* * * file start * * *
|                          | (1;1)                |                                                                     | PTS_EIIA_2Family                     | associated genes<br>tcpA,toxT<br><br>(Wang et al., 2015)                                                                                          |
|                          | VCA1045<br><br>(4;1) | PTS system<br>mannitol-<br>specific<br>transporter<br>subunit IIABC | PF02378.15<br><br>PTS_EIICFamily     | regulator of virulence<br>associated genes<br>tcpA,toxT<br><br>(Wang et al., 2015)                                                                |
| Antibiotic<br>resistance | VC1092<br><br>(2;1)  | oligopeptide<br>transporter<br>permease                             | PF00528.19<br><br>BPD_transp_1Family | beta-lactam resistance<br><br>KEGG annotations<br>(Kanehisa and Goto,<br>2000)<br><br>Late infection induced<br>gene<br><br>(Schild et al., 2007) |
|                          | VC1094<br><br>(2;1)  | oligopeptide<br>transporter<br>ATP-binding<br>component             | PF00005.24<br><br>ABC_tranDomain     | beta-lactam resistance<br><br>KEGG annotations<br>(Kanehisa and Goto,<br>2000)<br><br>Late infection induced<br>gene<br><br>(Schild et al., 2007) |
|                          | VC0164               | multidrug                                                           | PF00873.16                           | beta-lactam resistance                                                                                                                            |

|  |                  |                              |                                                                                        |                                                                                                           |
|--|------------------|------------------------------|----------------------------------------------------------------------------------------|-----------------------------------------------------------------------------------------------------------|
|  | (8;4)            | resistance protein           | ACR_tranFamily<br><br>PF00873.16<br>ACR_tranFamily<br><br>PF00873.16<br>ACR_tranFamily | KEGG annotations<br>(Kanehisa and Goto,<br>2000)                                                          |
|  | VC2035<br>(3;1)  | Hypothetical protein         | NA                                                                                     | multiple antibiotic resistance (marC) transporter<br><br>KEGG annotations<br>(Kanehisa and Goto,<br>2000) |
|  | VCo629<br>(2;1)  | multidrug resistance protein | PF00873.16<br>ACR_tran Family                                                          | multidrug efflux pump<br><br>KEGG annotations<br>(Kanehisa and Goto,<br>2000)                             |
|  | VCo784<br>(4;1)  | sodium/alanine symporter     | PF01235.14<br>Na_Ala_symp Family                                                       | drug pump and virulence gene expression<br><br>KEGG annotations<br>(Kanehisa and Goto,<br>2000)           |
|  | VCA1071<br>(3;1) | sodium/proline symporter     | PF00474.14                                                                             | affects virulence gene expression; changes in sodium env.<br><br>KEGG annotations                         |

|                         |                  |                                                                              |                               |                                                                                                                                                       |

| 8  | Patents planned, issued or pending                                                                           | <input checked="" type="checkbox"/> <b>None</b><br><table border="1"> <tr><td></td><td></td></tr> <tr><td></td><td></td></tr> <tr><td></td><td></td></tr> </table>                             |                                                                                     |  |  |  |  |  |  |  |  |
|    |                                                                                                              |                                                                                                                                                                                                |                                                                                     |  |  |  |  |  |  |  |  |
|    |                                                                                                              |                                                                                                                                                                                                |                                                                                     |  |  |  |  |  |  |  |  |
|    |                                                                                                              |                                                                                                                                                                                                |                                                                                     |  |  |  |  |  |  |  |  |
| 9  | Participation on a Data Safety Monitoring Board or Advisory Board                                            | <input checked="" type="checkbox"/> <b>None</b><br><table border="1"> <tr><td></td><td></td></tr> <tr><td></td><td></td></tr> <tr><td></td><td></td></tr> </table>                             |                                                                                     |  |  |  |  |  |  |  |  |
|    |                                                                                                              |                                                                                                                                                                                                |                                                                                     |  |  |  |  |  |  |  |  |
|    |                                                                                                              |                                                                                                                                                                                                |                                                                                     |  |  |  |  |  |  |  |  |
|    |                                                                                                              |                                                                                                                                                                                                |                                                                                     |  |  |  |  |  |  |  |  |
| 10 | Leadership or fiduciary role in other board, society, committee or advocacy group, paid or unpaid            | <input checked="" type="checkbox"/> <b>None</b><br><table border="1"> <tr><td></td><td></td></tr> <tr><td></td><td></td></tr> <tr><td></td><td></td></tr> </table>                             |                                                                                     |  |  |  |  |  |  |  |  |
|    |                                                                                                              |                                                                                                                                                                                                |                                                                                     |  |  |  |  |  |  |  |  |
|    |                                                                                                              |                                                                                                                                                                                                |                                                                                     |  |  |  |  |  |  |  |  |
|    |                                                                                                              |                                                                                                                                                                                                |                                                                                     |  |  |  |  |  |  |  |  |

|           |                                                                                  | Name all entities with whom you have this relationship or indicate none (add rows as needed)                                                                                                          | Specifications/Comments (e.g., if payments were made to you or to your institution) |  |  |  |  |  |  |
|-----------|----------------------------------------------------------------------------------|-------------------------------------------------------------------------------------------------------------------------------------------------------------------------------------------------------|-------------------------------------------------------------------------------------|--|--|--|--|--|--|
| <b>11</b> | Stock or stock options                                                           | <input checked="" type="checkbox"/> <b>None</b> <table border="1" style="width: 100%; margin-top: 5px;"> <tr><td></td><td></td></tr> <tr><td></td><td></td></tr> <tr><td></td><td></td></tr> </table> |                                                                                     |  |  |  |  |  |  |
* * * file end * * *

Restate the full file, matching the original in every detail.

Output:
|                          | (1;1)                |                                                                     | PTS_EIIA_2Family                     | associated genes<br>tcpA,toxT<br><br>(Wang et al., 2015)                                                                                          |
|                          | VCA1045<br><br>(4;1) | PTS system<br>mannitol-<br>specific<br>transporter<br>subunit IIABC | PF02378.15<br><br>PTS_EIICFamily     | regulator of virulence<br>associated genes<br>tcpA,toxT<br><br>(Wang et al., 2015)                                                                |
| Antibiotic<br>resistance | VC1092<br><br>(2;1)  | oligopeptide<br>transporter<br>permease                             | PF00528.19<br><br>BPD_transp_1Family | beta-lactam resistance<br><br>KEGG annotations<br>(Kanehisa and Goto,<br>2000)<br><br>Late infection induced<br>gene<br><br>(Schild et al., 2007) |
|                          | VC1094<br><br>(2;1)  | oligopeptide<br>transporter<br>ATP-binding<br>component             | PF00005.24<br><br>ABC_tranDomain     | beta-lactam resistance<br><br>KEGG annotations<br>(Kanehisa and Goto,<br>2000)<br><br>Late infection induced<br>gene<br><br>(Schild et al., 2007) |
|                          | VC0164               | multidrug                                                           | PF00873.16                           | beta-lactam resistance                                                                                                                            |

|  |                  |                              |                                                                                        |                                                                                                           |
|--|------------------|------------------------------|----------------------------------------------------------------------------------------|-----------------------------------------------------------------------------------------------------------|
|  | (8;4)            | resistance protein           | ACR_tranFamily<br><br>PF00873.16<br>ACR_tranFamily<br><br>PF00873.16<br>ACR_tranFamily | KEGG annotations<br>(Kanehisa and Goto,<br>2000)                                                          |
|  | VC2035<br>(3;1)  | Hypothetical protein         | NA                                                                                     | multiple antibiotic resistance (marC) transporter<br><br>KEGG annotations<br>(Kanehisa and Goto,<br>2000) |
|  | VCo629<br>(2;1)  | multidrug resistance protein | PF00873.16<br>ACR_tran Family                                                          | multidrug efflux pump<br><br>KEGG annotations<br>(Kanehisa and Goto,<br>2000)                             |
|  | VCo784<br>(4;1)  | sodium/alanine symporter     | PF01235.14<br>Na_Ala_symp Family                                                       | drug pump and virulence gene expression<br><br>KEGG annotations<br>(Kanehisa and Goto,<br>2000)           |
|  | VCA1071<br>(3;1) | sodium/proline symporter     | PF00474.14                                                                             | affects virulence gene expression; changes in sodium env.<br><br>KEGG annotations                         |

|                         |                  |                                                                              |                               |                                                                                                                                                       |

| 8  | Patents planned, issued or pending                                                                           | <input checked="" type="checkbox"/> <b>None</b><br><table border="1"> <tr><td></td><td></td></tr> <tr><td></td><td></td></tr> <tr><td></td><td></td></tr> </table>                             |                                                                                     |  |  |  |  |  |  |  |  |
|    |                                                                                                              |                                                                                                                                                                                                |                                                                                     |  |  |  |  |  |  |  |  |
|    |                                                                                                              |                                                                                                                                                                                                |                                                                                     |  |  |  |  |  |  |  |  |
|    |                                                                                                              |                                                                                                                                                                                                |                                                                                     |  |  |  |  |  |  |  |  |
| 9  | Participation on a Data Safety Monitoring Board or Advisory Board                                            | <input checked="" type="checkbox"/> <b>None</b><br><table border="1"> <tr><td></td><td></td></tr> <tr><td></td><td></td></tr> <tr><td></td><td></td></tr> </table>                             |                                                                                     |  |  |  |  |  |  |  |  |
|    |                                                                                                              |                                                                                                                                                                                                |                                                                                     |  |  |  |  |  |  |  |  |
|    |                                                                                                              |                                                                                                                                                                                                |                                                                                     |  |  |  |  |  |  |  |  |
|    |                                                                                                              |                                                                                                                                                                                                |                                                                                     |  |  |  |  |  |  |  |  |
| 10 | Leadership or fiduciary role in other board, society, committee or advocacy group, paid or unpaid            | <input checked="" type="checkbox"/> <b>None</b><br><table border="1"> <tr><td></td><td></td></tr> <tr><td></td><td></td></tr> <tr><td></td><td></td></tr> </table>                             |                                                                                     |  |  |  |  |  |  |  |  |
|    |                                                                                                              |                                                                                                                                                                                                |                                                                                     |  |  |  |  |  |  |  |  |
|    |                                                                                                              |                                                                                                                                                                                                |                                                                                     |  |  |  |  |  |  |  |  |
|    |                                                                                                              |                                                                                                                                                                                                |                                                                                     |  |  |  |  |  |  |  |  |

|           |                                                                                  | Name all entities with whom you have this relationship or indicate none (add rows as needed)                                                                                                          | Specifications/Comments (e.g., if payments were made to you or to your institution) |  |  |  |  |  |  |
|-----------|----------------------------------------------------------------------------------|-------------------------------------------------------------------------------------------------------------------------------------------------------------------------------------------------------|-------------------------------------------------------------------------------------|--|--|--|--|--|--|
| <b>11</b> | Stock or stock options                                                           | <input checked="" type="checkbox"/> <b>None</b> <table border="1" style="width: 100%; margin-top: 5px;"> <tr><td></td><td></td></tr> <tr><td></td><td></td></tr> <tr><td></td><td></td></tr> </table> |                                                                                     |  |  |  |  |  |  |